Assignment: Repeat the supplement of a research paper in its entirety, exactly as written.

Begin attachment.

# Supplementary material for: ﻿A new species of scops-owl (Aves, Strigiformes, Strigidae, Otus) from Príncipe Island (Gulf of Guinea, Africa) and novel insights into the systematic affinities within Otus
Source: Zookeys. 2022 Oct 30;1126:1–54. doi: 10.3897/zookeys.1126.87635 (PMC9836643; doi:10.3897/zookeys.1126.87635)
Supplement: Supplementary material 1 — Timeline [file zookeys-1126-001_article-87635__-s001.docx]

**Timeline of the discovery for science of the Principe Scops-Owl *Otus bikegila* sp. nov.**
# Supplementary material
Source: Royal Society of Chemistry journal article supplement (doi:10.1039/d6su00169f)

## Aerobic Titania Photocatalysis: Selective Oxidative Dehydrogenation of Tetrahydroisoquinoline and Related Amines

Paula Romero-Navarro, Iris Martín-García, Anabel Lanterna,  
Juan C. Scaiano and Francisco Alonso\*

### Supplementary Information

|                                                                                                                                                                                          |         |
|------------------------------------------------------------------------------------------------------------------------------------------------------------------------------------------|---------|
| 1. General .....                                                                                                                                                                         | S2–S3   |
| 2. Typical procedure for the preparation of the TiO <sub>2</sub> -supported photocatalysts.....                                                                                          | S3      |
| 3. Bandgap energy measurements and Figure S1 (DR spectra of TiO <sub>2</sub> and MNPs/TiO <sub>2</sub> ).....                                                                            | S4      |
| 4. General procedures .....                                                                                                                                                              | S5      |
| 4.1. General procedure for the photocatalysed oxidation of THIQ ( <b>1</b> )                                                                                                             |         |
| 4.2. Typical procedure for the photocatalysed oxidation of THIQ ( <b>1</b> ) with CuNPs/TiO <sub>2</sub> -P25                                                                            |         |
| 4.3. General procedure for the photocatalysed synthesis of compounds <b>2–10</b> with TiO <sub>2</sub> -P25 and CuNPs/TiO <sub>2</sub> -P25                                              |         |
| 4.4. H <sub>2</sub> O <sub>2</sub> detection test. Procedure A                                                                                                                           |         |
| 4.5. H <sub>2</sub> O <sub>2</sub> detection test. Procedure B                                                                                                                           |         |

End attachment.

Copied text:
# Supplementary material for: ﻿A new species of scops-owl (Aves, Strigiformes, Strigidae, Otus) from Príncipe Island (Gulf of Guinea, Africa) and novel insights into the systematic affinities within Otus
Source: Zookeys. 2022 Oct 30;1126:1–54. doi: 10.3897/zookeys.1126.87635 (PMC9836643; doi:10.3897/zookeys.1126.87635)
Supplement: Supplementary material 1 — Timeline [file zookeys-1126-001_article-87635__-s001.docx]

**Timeline of the discovery for science of the Principe Scops-Owl *Otus bikegila* sp. nov.**
# Supplementary material
Source: Royal Society of Chemistry journal article supplement (doi:10.1039/d6su00169f)

## Aerobic Titania Photocatalysis: Selective Oxidative Dehydrogenation of Tetrahydroisoquinoline and Related Amines

Paula Romero-Navarro, Iris Martín-García, Anabel Lanterna,  
Juan C. Scaiano and Francisco Alonso\*

### Supplementary Information

|                                                                                                                                                                                          |         |
|------------------------------------------------------------------------------------------------------------------------------------------------------------------------------------------|---------|
| 1. General .....                                                                                                                                                                         | S2–S3   |
| 2. Typical procedure for the preparation of the TiO <sub>2</sub> -supported photocatalysts.....                                                                                          | S3      |
| 3. Bandgap energy measurements and Figure S1 (DR spectra of TiO <sub>2</sub> and MNPs/TiO <sub>2</sub> ).....                                                                            | S4      |
| 4. General procedures .....                                                                                                                                                              | S5      |
| 4.1. General procedure for the photocatalysed oxidation of THIQ ( <b>1</b> )                                                                                                             |         |
| 4.2. Typical procedure for the photocatalysed oxidation of THIQ ( <b>1</b> ) with CuNPs/TiO <sub>2</sub> -P25                                                                            |         |
| 4.3. General procedure for the photocatalysed synthesis of compounds <b>2–10</b> with TiO <sub>2</sub> -P25 and CuNPs/TiO <sub>2</sub> -P25                                              |         |
| 4.4. H <sub>2</sub> O <sub>2</sub> detection test. Procedure A                                                                                                                           |         |
| 4.5. H <sub>2</sub> O <sub>2</sub> detection test. Procedure B                                                                                                                           |         |